“BYE BYE GERMANY”— Coming to America

“Bye Bye Germany” ( “Es war einmal in Deutschland”)

Coming to America?

Amos Lassen

David Berman and his friends who are all Holocaust survivors want to go to America as soon as possible. For this they need money. Director Sam Garbarski brings us a story about surviving Jews after World War II and their struggles to make a new life in and/or leave a war-ridden Germany. The film recreates post-WWII Germany and actor Moritz Bleibtreu carries the film steadily with a solid performance. surrounded by a number of more or less fully drawn supporting characters. The film is filled with heart and there are a few moments of poignancy as the horrors of the war is seen in flashbacks.

Dealing with the delicate subjects of Jews left behind in Germany after the concentration camps and investigations into collaboration between deportees and the profiteers of the post-war period in the same film is a big job. Doing this through comedy without disrespect is commendable. Belgian director was honored for his film at the Berlin Film Festival, one of the very big and important showcases for new films. This German-Belgian-Luxembourgish co-production ventures into an area that is both well known and hazardous: the use of Jewish humor on the darkest period in history. Moritz Bleitreu is David Bermann the leader of a group of concentration camp survivors, each with their own story and trauma, who recruits them to join forces to set up a business selling household linen. Germans are seemingly in serious need of this, and guilt-ridden enough not to slam the door in the face of a group of Jewish traveling salesmen. The idea is to make enough money to leave Germany and head for America. The group is filled with the energy and audacity of Bermann who starts producing curtains “made in Paris” and the group makes it up as they go along to peddle their goods to their clients. The film uses a series of cynically comical and visionary methods, in terms of marketing. 

Alongside these comical incidents, the general atmosphere is effectively conveyed by the opening scene, in which we see a little three-legged dog (here, everyone has some sort of injury) running between the shacks of a destroyed Berlin to a spiffy tune which, against this backdrop. The film has another more solemn plotline— Over the course of a series of interrogations, a young German Jew who emigrated to the United States shortly after 1933 (Antje Traue), who has returned to Germany to join the post-war effort, tries to establish, on the orders of the allied forces, whether or not David collaborated or not from his concentration camp, to survive there. Bermann’s humor and gall make his testimony into a huge pack of lies, peppered with Yiddish, in which he explains how he was hired to teach Hitler the art of telling jokes.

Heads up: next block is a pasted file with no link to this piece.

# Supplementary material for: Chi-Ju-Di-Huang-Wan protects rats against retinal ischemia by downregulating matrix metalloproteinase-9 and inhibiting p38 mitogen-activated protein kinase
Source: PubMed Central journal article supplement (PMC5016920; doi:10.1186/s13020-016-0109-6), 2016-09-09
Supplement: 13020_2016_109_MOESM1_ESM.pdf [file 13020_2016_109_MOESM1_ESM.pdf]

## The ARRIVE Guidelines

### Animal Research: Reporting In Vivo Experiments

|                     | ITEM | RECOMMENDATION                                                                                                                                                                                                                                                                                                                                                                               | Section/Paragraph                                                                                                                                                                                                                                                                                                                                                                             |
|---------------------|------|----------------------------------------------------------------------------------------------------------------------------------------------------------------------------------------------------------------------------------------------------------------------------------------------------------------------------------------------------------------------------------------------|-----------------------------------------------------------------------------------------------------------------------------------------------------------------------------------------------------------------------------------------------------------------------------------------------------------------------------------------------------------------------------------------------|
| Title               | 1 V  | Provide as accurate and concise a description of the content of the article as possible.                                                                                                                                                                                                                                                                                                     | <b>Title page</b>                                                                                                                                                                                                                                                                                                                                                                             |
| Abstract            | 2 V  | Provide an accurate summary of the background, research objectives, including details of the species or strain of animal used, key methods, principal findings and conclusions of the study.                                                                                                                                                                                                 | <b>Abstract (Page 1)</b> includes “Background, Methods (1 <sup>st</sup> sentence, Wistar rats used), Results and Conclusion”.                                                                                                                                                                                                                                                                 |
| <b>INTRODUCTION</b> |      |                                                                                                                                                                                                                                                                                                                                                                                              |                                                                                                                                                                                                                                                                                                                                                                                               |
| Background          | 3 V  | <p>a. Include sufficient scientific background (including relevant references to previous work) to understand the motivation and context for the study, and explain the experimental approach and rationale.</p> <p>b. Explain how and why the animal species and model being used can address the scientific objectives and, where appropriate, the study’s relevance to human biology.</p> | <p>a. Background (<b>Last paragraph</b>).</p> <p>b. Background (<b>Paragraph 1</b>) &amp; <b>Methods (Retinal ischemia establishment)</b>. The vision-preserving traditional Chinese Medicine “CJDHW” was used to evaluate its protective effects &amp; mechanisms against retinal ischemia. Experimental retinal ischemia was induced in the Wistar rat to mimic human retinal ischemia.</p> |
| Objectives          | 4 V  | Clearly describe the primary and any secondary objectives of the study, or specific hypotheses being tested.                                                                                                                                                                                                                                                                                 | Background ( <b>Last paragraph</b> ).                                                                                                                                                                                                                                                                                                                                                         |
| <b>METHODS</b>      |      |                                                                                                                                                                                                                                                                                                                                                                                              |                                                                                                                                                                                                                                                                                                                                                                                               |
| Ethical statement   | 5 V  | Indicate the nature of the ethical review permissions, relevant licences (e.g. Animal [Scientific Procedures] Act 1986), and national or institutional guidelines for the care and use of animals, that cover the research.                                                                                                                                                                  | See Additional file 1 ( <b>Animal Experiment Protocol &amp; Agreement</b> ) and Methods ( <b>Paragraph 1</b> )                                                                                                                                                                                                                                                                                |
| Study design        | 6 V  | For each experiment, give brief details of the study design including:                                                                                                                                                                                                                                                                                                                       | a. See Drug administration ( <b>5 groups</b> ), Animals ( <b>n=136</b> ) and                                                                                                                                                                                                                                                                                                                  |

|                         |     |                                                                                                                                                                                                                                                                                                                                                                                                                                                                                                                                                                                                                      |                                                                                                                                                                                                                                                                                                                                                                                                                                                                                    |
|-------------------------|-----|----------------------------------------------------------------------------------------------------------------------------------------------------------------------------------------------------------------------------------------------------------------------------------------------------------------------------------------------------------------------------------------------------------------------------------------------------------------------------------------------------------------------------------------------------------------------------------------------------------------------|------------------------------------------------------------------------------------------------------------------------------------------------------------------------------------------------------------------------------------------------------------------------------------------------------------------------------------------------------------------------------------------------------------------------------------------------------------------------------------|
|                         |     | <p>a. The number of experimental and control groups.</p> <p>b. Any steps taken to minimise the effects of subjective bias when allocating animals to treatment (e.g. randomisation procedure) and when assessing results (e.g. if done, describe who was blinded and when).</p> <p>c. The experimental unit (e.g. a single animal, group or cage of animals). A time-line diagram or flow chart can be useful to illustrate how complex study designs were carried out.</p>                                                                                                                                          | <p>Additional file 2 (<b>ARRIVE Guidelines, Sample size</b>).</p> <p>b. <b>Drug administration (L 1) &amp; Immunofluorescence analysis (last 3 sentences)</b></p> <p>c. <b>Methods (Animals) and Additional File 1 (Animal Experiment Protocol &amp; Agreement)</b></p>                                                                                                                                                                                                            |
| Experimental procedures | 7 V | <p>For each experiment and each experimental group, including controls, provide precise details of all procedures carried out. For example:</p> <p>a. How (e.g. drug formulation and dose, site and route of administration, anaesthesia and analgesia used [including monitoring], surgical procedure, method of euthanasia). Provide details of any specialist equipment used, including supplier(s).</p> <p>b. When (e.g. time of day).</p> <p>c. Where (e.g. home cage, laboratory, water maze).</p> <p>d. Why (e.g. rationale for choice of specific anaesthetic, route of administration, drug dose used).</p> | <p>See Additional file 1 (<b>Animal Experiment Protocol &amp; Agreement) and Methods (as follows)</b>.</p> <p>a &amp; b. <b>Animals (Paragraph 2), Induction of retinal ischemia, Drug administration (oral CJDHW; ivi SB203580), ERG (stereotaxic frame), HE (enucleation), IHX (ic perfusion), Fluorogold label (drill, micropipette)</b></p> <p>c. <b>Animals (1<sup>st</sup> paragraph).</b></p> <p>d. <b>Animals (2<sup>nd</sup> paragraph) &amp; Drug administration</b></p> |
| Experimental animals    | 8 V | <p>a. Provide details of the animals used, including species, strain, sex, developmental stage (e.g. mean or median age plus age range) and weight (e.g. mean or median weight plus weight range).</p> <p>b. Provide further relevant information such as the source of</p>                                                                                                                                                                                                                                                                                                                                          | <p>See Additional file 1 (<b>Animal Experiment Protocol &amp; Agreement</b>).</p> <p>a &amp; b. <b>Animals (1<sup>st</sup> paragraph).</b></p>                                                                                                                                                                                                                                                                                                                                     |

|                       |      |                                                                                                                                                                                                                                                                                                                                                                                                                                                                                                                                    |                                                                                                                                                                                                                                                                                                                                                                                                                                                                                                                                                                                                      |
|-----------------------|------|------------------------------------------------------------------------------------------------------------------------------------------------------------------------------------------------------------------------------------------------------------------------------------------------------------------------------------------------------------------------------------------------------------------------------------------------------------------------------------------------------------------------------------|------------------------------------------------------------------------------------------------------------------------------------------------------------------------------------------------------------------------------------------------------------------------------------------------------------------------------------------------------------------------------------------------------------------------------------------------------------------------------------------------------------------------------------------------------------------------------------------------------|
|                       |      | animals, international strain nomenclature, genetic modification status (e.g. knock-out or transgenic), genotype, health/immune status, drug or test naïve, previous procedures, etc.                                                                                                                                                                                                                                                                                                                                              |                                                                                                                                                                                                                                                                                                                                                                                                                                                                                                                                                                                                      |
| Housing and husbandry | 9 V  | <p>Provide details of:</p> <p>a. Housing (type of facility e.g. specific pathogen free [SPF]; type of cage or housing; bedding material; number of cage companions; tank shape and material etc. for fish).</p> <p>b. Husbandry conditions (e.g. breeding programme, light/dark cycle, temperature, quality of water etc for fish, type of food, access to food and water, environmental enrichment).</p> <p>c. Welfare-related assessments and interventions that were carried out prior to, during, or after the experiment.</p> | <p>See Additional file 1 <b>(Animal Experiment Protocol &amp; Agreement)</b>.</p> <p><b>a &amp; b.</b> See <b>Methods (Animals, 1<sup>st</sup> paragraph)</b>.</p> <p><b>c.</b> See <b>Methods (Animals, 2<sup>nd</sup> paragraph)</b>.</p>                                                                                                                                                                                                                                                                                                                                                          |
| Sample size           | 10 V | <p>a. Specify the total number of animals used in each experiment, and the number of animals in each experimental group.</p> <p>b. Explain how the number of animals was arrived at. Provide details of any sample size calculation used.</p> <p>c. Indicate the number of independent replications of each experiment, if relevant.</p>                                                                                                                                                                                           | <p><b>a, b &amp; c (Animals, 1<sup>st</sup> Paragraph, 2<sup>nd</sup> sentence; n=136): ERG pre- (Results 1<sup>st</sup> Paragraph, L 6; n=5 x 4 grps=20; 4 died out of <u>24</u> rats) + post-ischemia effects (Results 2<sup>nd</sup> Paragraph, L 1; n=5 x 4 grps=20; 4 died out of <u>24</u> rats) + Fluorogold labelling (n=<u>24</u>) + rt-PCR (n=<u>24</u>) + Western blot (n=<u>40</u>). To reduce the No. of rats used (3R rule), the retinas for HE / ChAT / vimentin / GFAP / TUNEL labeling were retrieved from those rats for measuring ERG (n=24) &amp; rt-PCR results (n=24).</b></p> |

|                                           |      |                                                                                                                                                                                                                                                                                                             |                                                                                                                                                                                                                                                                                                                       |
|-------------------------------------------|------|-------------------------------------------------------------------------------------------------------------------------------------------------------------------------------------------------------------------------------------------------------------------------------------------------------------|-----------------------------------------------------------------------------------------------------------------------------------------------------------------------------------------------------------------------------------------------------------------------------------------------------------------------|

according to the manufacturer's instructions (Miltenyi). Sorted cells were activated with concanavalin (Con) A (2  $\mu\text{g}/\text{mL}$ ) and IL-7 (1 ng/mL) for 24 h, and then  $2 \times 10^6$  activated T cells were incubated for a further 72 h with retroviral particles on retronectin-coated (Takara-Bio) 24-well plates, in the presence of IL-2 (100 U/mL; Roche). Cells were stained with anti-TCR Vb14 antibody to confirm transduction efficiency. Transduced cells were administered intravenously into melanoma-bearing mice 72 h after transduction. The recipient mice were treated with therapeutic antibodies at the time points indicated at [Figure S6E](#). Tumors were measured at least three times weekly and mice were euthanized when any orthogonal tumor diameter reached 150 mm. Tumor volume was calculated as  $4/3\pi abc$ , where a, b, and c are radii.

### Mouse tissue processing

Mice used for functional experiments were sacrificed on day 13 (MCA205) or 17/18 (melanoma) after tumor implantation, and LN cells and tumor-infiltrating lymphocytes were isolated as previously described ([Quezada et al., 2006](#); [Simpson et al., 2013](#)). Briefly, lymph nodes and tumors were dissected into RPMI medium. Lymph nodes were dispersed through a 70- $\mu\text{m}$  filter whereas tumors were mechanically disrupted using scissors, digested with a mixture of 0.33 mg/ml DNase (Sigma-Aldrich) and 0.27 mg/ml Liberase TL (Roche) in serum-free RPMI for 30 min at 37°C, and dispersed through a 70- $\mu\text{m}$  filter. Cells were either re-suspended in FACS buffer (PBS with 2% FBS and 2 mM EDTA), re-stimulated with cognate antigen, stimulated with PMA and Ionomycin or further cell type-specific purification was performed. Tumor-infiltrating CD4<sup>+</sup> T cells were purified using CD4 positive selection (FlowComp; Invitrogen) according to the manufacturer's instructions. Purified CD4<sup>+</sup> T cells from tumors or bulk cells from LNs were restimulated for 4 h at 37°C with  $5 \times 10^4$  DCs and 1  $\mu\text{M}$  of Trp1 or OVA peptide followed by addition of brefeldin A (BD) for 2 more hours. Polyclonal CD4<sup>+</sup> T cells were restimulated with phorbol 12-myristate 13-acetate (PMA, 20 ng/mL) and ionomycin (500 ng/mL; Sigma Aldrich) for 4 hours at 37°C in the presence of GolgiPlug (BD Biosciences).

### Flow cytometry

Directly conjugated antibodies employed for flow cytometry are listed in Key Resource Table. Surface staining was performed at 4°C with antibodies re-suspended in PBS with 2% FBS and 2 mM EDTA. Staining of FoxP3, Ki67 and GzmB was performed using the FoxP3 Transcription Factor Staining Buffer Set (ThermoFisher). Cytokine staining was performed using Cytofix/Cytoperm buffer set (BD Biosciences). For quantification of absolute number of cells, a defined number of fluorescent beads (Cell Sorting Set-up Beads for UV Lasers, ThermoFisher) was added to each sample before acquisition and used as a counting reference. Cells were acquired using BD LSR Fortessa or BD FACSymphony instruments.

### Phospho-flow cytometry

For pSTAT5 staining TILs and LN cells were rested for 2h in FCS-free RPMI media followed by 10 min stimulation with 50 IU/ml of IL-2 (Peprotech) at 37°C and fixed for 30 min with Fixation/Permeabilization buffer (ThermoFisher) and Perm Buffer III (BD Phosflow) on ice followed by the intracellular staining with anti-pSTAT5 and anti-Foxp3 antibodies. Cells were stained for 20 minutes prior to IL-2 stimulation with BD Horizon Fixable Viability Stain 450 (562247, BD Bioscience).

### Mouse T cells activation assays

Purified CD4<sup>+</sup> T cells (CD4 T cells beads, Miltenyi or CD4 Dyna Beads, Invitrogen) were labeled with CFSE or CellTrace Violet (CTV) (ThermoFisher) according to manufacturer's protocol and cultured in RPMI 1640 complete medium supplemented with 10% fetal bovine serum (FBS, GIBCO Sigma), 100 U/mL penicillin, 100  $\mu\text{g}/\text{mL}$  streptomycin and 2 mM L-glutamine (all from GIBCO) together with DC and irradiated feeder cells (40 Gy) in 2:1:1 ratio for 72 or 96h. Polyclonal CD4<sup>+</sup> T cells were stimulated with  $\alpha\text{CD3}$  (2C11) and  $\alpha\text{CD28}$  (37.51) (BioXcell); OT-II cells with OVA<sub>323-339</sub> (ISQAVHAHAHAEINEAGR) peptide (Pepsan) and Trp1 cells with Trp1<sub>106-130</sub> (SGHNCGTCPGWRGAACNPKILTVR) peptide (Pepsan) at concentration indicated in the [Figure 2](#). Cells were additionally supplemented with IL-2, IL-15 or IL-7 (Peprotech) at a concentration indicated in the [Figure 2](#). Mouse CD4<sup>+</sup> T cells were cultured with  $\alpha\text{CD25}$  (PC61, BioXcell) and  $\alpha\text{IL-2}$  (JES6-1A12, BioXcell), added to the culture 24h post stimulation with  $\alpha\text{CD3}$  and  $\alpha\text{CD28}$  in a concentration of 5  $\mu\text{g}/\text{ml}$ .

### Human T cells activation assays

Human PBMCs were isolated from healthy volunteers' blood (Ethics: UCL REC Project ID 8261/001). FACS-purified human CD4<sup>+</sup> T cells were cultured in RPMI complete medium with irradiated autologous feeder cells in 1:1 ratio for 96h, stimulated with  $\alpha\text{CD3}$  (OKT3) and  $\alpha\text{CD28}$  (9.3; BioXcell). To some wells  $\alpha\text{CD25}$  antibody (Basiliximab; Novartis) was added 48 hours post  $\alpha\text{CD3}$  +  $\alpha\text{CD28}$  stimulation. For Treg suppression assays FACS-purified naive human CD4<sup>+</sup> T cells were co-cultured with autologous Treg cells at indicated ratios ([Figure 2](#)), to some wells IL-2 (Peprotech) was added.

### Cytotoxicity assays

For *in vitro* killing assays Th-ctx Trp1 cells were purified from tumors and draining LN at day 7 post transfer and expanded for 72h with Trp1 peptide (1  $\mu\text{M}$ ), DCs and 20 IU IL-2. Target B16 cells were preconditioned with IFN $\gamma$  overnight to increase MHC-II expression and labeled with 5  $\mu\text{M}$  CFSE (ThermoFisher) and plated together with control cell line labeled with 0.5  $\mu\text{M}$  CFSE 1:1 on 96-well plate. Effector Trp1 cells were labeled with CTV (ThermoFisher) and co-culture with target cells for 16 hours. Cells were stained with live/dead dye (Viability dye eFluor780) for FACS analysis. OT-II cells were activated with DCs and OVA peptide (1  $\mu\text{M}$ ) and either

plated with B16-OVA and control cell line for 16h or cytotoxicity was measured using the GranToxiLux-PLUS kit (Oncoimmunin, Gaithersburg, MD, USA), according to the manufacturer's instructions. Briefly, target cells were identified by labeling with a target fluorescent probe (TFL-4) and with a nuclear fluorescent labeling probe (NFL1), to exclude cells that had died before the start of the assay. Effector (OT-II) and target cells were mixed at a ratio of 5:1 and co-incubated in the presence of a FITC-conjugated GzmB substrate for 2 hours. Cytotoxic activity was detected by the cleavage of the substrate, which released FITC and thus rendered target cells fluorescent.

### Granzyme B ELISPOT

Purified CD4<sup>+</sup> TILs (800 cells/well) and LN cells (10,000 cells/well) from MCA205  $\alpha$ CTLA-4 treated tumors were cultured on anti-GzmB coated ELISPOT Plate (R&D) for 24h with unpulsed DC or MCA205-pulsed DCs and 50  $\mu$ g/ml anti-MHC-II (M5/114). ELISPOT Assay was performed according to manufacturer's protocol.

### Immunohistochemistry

Each plotline and sub-plotline within the film leads to a big twist of fate, which could be seen as positive or tragic, before Bermann concludes by sparing a thought for the Jews who, like him, made the inexplicable choice to stay behind. Covering dark subject matter with a light touch is a difficult balance to achieve, and “Bye Bye Germany” gets it right… most of the time. The film has an interesting perspective in that its characters live in a displaced persons camp near Frankfurt in 1946. David is a Jewish peddler who was a successful wheeler and dealer before and during his time at a concentration camp. While he’s grateful for his liberty, he would enjoy it more with a lot of cash and so he creates his scheme.

This is another German film dealing with Nazi Germany and the Holocaust. But there is one crucial difference here and that is that it focuses on the lives of those Jews who stayed in Germany.

We cannot forget that 75 years ago Germany happily supported the humiliation and deportation of millions of people, the mass killings, and the gassing of men, women, and children. Garbarski was born in Germany but he is actually Belgian and I have always found it interesting that there are so few German movies made about the Holocaust. This is a funny, sad, and moving film that will make you laugh and cry with its very good Jewish black humor.

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